What are magnetic fields?
What is a magnetic field?
- The magnetic field is described mathematically as a vector field. This vector field can be plotted directly as a set of many vectors drawn on a grid. Each vector points in the direction that a compass would point and has length dependent on the strength of the magnetic force.Arranging many small compasses in a grid pattern and placing the grid in a magnetic field illustrates this technique. The only difference here is that a compass doesn't indicate the strength of a field.Figure 1: Vector field plot for a bar magnet
- An alternative way to represent the information contained within a vector field is with the use of field lines. Here we dispense with the grid pattern and connect the vectors with smooth lines. We can draw as many lines as we want.The field-line description has some useful properties:Figure 2: Field line plot for a bar magnet
- Magnetic field lines never cross.
- Magnetic field lines naturally bunch together in regions where the magnetic field is the strongest. This means that the density of field lines indicates the strength of the field.
- Magnetic field lines don't start or stop anywhere, they always make closed loops and will continue inside a magnetic material (though sometimes they are not drawn this way).
- We require a way to indicate the direction of the field. This is usually done by drawing arrowheads along the lines. Sometimes arrowheads are not drawn and the direction must be indicated in some other way. For historical reasons the convention is to label one region 'north' and another 'south' and draw field lines only from these 'poles'. The field is assumed to follow the lines from north to south. 'N' and 'S' labels are usually placed on the ends of a magnetic field source, although strictly this is arbitrary and there is nothing special about these locations.
- Field lines can be visualized quite easily in the real world. This is commonly done with iron filings dropped on a surface near something magnetic. Each filing behaves like a tiny magnet with a north and south pole. The filings naturally separate from each other because similar poles repel each other. The result is a pattern that resembles field lines. While the general pattern will always be the same, the exact position and density of lines of filings depends on how the filings happened to fall, their size and magnetic properties.Figure 3: Magnetic field lines around a bar magnet visualized using iron filings.
How do we measure magnetic fields?
What is the origin of the magnetic field?
- We make a current flow through a wire, for example by connecting it to a battery. As we increase the current (amount of charge in motion) the field increases proportionally. As we move further away from the wire, the field we see drops off proportionally with the distance. This is described by Ampere's law. Simplified to tell us the magnetic field at a distance from a long straight wire carrying current the equation is
Here is a special constant known as the permeability of free space. . Some materials have the ability to concentrate magnetic fields, this is described by those materials having higher permeability.
Since the magnetic field is a vector, we also need to know the direction. For conventional current flowing through a straight wire this can be found by the right-hand-grip-rule. To use this rule imagine gripping your right hand around the wire with your thumb pointing in the direction of the current. The fingers show the direction of the magnetic field which wraps around the wire.Right-hand-grip rule used to find the direction of the magnetic field (B) based on the direction of a current (I).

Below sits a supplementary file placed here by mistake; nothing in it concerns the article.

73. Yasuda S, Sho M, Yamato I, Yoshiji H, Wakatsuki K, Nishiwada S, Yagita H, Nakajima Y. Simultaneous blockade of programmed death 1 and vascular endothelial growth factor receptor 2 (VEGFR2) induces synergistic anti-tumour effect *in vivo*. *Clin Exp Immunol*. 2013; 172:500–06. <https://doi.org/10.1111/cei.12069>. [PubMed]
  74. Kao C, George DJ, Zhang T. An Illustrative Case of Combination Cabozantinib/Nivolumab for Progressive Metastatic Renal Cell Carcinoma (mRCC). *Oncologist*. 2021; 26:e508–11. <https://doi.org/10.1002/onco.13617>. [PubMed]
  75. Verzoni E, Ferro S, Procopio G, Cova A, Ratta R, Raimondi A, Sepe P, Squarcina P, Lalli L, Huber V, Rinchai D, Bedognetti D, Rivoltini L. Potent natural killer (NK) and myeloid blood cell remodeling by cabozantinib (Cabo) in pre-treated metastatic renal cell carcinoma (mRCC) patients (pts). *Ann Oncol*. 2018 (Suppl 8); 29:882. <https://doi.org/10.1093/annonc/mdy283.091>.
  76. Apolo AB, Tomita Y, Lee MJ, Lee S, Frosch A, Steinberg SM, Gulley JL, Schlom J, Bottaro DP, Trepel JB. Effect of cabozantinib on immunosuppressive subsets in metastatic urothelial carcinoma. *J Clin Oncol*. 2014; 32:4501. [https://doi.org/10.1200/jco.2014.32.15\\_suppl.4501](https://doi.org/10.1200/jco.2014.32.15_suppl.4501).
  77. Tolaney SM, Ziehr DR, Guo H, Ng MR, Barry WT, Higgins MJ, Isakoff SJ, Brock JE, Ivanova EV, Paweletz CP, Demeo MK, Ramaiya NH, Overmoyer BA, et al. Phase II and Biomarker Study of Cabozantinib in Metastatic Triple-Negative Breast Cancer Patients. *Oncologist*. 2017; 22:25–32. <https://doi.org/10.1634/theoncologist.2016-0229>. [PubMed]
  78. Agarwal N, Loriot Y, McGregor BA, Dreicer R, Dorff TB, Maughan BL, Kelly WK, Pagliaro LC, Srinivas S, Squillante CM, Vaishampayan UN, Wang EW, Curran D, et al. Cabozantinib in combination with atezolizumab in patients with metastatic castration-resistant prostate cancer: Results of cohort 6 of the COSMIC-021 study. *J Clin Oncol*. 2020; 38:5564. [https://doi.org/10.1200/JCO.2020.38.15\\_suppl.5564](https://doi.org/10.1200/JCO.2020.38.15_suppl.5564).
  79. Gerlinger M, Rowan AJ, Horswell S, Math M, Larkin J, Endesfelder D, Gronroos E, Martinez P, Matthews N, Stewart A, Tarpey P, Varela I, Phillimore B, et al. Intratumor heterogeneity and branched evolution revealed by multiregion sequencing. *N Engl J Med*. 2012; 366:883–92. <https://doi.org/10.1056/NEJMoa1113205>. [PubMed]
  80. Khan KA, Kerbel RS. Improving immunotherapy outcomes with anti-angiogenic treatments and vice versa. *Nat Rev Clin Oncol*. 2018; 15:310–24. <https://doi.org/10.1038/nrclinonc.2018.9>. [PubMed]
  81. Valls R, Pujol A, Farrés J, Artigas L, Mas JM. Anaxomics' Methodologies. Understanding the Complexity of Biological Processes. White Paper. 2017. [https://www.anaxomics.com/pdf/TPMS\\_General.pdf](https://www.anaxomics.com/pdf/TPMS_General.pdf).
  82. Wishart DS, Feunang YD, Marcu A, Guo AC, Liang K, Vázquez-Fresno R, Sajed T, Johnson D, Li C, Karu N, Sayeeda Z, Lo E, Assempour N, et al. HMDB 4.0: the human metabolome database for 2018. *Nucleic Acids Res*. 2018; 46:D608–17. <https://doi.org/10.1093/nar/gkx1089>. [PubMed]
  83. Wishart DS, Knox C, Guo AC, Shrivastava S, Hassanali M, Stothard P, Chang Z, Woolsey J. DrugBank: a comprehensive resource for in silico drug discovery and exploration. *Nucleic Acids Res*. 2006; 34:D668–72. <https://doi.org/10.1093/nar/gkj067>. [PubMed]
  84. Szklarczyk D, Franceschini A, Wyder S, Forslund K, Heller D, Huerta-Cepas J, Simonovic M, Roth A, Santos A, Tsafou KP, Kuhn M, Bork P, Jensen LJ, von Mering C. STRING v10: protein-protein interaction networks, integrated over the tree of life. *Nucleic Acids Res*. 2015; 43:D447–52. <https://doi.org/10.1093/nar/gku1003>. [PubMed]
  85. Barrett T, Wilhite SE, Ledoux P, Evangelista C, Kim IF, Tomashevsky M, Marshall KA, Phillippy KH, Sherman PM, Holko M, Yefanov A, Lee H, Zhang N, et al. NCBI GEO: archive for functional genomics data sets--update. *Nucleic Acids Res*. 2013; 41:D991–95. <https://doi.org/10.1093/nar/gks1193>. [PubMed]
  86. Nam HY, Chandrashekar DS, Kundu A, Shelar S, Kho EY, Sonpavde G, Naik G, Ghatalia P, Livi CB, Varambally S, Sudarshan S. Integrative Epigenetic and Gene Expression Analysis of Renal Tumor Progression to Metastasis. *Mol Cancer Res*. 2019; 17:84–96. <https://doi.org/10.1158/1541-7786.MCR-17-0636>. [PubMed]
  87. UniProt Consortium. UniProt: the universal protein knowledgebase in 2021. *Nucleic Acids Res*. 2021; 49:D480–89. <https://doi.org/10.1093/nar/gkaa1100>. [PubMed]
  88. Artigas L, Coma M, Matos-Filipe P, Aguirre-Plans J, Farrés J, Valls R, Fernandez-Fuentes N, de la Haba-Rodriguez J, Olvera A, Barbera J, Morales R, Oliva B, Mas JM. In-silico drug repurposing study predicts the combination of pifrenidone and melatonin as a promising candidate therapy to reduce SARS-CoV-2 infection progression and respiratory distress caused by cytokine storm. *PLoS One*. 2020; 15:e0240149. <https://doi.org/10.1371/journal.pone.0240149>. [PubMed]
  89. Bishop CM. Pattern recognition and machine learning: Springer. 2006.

- We can exploit the fact that electrons (which are charged) appearto have some motion around the nuclei of atoms. This is how permanent magnets work. As we know from experience, only some 'special' materials can be made into magnets and some magnets are much stronger than others. So some specific conditions must be required:
- Although atoms often have many electrons, they mostly 'pair up' in such a way that the overall magnetic field of a pair cancels out. Two electrons paired in this way are said to have opposite spin. So if we want something to be magnetic we need atoms that have one or more unpaired electrons with the same spin. Iron for example is a 'special' material that has four such electrons and therefore is good for making magnets out of.
- Even a tiny piece of material contains billions of atoms. If they are all randomly orientated the overall field will cancel out, regardless of how many unpaired electrons the material has. The material has to be stable enough at room temperature to allow an overall preferred orientation to be established. If established permanently then we have a permanent magnet, also known as a ferromagnet.
- Some materials can only become sufficiently well ordered to be magnetic when in the presence of an external magnetic field. The external field serves to line all the electron spins up, but this alignment disappears once the external field is removed. These kinds of materials are known as paramagnetic.The metal of a refrigerator door is an example of a paramagnet. The refrigerator door itself is not magnetic, but behaves like a magnet when a refrigerator magnet is placed on it. Both then attract each other strongly enough to easily keep in place a shopping list, sandwiched between the two.
Canceling the field of the Earth
What current (magnitude and direction) would be required to cancel out the field of the Earth and 'confuse' the compass?
Suppose our power supply is limited to a total of . Can you suggest an alternative configuration of the experiment which produces the same effect on the compass?